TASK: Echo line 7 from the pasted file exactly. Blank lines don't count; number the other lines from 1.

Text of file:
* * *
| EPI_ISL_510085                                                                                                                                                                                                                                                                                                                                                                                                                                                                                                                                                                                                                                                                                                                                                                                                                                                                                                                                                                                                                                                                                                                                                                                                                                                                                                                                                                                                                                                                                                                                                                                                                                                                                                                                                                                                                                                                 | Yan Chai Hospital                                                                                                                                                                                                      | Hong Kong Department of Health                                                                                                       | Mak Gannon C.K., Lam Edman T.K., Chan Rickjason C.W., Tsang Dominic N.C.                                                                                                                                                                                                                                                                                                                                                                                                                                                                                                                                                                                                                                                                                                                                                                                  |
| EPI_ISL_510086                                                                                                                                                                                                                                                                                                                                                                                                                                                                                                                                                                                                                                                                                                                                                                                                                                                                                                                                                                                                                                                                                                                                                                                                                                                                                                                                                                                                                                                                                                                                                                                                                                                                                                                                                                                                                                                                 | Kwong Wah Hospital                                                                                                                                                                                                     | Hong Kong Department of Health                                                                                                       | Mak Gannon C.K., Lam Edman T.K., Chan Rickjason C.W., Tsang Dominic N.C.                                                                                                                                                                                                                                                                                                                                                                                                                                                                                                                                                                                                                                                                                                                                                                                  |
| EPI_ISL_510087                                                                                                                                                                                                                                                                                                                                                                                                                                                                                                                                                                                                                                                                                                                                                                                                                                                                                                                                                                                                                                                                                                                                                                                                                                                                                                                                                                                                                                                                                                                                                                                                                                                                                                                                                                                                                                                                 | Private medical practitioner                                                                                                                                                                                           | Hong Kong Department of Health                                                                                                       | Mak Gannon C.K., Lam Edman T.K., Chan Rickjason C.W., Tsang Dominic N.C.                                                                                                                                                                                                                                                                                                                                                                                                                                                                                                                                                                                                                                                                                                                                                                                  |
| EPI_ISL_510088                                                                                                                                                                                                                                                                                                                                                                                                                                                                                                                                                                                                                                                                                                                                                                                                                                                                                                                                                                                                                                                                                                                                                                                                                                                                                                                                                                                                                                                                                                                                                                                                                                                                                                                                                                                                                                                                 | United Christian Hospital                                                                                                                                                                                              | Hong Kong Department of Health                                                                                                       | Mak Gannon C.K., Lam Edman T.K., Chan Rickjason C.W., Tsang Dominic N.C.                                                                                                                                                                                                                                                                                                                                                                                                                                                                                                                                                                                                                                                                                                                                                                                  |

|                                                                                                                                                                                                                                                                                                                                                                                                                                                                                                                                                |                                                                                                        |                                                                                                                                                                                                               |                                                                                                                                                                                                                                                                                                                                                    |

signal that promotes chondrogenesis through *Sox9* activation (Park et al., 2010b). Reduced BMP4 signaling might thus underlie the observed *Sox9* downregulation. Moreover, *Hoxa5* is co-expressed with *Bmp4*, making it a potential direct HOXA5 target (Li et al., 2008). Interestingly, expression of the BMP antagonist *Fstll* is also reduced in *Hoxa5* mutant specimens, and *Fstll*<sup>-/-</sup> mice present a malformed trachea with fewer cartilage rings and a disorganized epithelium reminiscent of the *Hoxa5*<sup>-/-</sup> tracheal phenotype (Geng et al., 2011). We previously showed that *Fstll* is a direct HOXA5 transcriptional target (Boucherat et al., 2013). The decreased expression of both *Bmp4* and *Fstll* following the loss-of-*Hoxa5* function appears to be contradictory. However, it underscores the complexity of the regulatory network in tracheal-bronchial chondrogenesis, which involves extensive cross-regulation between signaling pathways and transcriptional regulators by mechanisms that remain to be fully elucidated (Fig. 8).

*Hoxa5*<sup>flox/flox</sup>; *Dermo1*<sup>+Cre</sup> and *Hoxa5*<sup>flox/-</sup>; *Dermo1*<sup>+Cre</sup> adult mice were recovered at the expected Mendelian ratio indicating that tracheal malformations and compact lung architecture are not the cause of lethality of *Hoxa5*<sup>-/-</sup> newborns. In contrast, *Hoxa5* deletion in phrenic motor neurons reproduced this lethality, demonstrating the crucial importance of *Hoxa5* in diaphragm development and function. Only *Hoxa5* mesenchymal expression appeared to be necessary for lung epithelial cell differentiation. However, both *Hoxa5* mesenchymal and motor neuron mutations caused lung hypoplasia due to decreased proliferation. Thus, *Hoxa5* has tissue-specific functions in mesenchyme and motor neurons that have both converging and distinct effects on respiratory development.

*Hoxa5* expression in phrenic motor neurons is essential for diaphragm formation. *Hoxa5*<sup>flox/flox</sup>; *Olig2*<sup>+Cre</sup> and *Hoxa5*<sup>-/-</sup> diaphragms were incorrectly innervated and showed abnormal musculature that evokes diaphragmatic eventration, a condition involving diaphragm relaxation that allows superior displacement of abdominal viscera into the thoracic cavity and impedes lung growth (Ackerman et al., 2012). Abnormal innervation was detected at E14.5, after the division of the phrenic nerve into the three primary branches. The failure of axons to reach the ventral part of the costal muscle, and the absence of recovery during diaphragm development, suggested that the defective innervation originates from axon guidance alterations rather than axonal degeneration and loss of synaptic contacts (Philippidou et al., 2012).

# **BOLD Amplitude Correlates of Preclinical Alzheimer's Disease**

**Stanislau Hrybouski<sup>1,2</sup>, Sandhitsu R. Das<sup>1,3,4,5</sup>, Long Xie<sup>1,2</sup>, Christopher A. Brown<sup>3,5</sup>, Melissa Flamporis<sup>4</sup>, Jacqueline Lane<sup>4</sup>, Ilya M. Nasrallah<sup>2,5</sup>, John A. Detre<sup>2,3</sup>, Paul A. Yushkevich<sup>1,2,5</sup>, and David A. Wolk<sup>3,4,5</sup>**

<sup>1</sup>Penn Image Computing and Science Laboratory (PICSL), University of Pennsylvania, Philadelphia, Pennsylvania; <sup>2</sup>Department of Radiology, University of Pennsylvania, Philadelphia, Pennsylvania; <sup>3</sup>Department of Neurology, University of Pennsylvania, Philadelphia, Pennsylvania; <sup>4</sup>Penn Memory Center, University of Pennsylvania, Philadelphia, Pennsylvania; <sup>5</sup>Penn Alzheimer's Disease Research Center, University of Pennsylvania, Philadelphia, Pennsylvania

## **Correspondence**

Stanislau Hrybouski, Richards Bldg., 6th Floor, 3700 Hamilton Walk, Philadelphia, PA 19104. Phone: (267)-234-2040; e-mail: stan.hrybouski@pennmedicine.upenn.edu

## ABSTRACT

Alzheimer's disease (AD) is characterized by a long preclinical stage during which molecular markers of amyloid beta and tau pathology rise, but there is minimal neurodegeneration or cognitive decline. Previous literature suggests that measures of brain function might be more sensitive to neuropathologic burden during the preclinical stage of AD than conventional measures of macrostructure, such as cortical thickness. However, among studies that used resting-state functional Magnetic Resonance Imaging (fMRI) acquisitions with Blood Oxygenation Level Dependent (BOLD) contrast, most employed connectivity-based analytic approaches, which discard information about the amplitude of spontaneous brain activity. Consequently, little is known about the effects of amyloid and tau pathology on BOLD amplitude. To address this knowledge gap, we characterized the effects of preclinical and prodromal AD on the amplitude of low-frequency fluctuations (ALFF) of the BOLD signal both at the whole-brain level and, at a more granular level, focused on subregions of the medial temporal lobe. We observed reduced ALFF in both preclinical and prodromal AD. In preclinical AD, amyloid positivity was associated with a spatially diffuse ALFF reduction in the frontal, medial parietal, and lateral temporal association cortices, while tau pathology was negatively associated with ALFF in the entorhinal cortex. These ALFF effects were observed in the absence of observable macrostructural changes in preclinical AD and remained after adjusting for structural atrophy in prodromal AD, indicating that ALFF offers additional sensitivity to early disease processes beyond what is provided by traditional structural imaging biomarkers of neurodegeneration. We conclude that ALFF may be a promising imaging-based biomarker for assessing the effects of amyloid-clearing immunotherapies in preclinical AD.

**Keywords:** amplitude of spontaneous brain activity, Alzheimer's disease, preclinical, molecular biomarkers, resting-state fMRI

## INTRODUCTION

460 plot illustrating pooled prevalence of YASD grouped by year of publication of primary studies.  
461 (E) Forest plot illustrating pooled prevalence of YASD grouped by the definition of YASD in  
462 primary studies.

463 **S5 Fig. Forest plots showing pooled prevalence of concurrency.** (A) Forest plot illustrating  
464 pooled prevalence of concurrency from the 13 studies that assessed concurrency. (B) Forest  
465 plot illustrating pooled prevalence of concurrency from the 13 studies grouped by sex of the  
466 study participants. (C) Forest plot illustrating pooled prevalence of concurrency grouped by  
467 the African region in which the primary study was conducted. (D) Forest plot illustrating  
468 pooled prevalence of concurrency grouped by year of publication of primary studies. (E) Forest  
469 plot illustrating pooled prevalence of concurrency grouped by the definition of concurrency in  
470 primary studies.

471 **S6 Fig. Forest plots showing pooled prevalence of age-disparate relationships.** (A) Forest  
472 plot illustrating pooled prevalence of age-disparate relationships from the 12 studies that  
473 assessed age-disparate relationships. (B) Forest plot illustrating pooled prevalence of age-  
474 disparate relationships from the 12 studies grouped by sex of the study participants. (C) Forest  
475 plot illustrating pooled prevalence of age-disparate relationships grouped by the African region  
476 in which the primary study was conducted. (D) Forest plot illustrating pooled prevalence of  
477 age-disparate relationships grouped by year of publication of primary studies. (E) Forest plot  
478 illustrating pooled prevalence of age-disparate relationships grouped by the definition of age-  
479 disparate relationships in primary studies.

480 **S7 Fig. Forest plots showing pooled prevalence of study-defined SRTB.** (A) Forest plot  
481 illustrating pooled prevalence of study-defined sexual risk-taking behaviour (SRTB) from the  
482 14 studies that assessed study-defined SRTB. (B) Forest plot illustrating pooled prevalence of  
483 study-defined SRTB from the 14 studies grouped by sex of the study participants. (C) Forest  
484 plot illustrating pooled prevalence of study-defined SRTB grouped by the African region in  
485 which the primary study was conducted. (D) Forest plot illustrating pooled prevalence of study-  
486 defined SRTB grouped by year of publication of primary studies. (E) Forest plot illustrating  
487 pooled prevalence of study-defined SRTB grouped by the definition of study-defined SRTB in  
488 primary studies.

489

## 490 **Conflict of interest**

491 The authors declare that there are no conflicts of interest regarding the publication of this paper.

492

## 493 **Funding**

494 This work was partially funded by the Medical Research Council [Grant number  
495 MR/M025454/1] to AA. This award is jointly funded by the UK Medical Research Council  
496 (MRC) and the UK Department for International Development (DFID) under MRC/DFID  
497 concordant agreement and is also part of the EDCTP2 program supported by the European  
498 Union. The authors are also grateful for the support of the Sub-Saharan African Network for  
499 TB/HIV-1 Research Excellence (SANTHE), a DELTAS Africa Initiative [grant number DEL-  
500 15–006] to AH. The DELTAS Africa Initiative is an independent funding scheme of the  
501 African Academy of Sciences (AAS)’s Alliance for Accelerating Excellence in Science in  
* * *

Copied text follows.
*Hoxa5*<sup>flox/flox</sup>; *Dermo1*<sup>+Cre</sup> and *Hoxa5*<sup>flox/-</sup>; *Dermo1*<sup>+Cre</sup> adult mice were recovered at the expected Mendelian ratio indicating that tracheal malformations and compact lung architecture are not the cause of lethality of *Hoxa5*<sup>-/-</sup> newborns. In contrast, *Hoxa5* deletion in phrenic motor neurons reproduced this lethality, demonstrating the crucial importance of *Hoxa5* in diaphragm development and function. Only *Hoxa5* mesenchymal expression appeared to be necessary for lung epithelial cell differentiation. However, both *Hoxa5* mesenchymal and motor neuron mutations caused lung hypoplasia due to decreased proliferation. Thus, *Hoxa5* has tissue-specific functions in mesenchyme and motor neurons that have both converging and distinct effects on respiratory development.